Kenya, EAC Adopts e-Passport: What this means for the Country’s Tourism


There’s no doubt that technology is quickly changing the way things are done from private enterprises to government agencies. While private enterprises are leading in technology diffusion, public entities are still catching up, moving one tech at a time. Even so, the zeal to transform services delivered to the citizens remains strong as ever and technology is helping with this in many meaningful ways.

Last month, Kenya’s Immigration department introduced e-passports in the process phasing out the current ordinary ones. Just in case you are wondering what it is, an e-passport is a passport which features microchip technology: an integrated circuit (chip) within its pages contains the data that are essential in verifying the identity of the passport holder. These data include the personal data found on the data page of the passport, the biometrics of the passport holder, the unique chip identification number, and a digital signature to verify the authenticity of the data stored on the chip. The chip technology allows the information stored in an e-Passport to be read by special chip readers at a close distance.

It is an initiative by the East African Community to synchronize passports across the region in a bid to enhance integration. It will be rolled out simultaneously across member countries which include Kenya, Uganda, Tanzania, Rwanda, and Burundi. They will join other fifty countries that have already transitioned to e-passports including Ghana, Gabon, Egypt, Morocco, and Mauritius. The e-passport will enhance faster clearance at points of entry and exit. It is highly secure, hence avoiding passport reproduction and tampering. It will also provide travelers benefits such as the use of automated border clearance.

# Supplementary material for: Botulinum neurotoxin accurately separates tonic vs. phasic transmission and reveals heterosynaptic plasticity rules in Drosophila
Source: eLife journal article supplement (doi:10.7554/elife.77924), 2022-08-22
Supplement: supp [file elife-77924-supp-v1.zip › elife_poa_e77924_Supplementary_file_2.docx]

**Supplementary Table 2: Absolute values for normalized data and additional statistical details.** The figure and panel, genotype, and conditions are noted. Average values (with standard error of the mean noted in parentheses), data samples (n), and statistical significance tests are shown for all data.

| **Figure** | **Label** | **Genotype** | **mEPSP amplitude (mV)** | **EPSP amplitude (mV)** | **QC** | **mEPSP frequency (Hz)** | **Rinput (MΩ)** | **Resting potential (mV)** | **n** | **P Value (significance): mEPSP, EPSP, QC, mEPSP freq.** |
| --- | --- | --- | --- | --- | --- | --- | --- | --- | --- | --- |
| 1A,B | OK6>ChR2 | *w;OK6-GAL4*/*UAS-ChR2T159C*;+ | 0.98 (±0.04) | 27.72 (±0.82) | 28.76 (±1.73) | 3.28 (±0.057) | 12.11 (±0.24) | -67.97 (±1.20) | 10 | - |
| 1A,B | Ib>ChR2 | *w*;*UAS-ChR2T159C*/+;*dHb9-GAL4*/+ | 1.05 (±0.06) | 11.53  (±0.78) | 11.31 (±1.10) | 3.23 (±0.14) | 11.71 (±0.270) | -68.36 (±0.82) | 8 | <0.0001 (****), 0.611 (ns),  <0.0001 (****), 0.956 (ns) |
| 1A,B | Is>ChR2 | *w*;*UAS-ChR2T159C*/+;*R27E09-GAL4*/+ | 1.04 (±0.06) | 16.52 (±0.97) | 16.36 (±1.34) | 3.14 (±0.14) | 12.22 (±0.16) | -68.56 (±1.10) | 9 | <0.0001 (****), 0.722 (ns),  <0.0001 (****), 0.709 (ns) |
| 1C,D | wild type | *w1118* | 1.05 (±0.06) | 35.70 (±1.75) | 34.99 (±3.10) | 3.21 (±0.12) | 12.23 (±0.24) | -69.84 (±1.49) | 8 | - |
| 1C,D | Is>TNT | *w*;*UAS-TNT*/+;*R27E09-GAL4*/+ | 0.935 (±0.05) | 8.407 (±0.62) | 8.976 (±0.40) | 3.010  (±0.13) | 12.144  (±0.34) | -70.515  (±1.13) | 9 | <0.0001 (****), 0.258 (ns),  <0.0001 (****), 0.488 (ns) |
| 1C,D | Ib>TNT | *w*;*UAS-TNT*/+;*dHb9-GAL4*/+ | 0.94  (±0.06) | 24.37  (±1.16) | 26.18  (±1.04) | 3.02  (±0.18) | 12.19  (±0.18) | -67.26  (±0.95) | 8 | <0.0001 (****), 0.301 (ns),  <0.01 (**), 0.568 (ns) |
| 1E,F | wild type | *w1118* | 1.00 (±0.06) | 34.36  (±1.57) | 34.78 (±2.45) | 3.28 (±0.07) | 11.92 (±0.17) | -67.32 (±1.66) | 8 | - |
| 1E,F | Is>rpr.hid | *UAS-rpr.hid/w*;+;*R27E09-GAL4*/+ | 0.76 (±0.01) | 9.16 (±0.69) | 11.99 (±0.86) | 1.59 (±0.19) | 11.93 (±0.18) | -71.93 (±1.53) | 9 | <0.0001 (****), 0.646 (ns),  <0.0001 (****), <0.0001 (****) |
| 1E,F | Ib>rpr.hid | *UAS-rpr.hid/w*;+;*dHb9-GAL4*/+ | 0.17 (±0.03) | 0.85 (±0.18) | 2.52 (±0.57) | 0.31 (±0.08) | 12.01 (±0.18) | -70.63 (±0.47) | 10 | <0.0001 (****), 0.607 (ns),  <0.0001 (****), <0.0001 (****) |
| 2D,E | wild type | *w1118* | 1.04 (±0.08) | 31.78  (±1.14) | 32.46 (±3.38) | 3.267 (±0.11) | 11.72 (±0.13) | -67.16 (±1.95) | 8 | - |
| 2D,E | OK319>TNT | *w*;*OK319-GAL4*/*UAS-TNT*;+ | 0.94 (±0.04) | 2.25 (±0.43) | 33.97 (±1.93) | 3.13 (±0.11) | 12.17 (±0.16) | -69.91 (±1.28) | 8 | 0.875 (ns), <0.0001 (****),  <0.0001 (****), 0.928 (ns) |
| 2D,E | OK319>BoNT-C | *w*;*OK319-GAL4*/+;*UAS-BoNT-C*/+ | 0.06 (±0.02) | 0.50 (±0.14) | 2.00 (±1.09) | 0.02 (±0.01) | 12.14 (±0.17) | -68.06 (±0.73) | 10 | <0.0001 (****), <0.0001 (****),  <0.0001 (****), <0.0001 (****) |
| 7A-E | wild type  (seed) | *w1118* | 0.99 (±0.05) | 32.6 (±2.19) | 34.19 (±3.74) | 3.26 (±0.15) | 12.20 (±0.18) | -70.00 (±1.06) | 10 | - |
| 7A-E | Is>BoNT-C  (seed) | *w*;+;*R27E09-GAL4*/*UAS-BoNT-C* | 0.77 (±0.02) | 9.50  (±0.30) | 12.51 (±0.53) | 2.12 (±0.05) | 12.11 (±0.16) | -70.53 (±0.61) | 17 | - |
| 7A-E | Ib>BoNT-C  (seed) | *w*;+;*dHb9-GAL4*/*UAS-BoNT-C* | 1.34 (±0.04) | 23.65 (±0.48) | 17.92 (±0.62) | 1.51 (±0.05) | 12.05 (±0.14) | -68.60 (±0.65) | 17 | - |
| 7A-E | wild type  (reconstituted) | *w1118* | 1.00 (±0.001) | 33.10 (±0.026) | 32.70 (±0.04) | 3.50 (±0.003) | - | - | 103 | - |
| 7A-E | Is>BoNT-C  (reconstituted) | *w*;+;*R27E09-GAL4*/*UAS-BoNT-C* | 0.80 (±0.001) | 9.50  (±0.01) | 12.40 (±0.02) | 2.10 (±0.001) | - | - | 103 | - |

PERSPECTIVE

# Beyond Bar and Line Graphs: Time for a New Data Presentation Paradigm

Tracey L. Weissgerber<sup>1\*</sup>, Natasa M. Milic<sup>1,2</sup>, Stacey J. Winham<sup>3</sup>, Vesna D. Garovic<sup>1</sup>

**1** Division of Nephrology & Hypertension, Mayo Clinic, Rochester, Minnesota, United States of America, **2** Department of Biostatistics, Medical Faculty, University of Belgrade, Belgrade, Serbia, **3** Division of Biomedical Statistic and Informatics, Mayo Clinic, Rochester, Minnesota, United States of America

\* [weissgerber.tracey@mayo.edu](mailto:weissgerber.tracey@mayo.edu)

So, what are the possible implications for Kenya’s tourism?

The harmonization of passports the East African bloc is a positive gesture that will spur tourism across the region. This cements the commitment towards having a formidable integrated regional tourism in Africa. It follows adoption of common tourist visa for visitors to the East African Community (EAC) that was effective from 2014. It allows visitors to move freely between the three countries for a period of 90 days. For the first time since 2012, earnings from the tourism sector improved by 17.8 percent from KSh 84.6 billion in 2015 to KSh 99.7 billion in 2016. This is according to Economic Survey 2017, a report about Kenya’s economy published annually by the Kenya National Bureau of Statistics (KNBS). The EAC member countries form part of Kenya’s critical tourist constituency. Data from KNBS shows that the country received about 53,000 visitors from Uganda and another 33,000 from Tanzania. With EAC e-passport, tourists arriving from the member states will be cleared much faster at any of the country’s ports of entry. Smart gates that will be used alongside the e-passports will be introduced at airports. This will be a big relief for many tourists as immigration bureaucracy features as one of the top complaints among tourists. Going forward, tourism in East Africa will continue to expand, providing a major source of foreign-exchange earnings.


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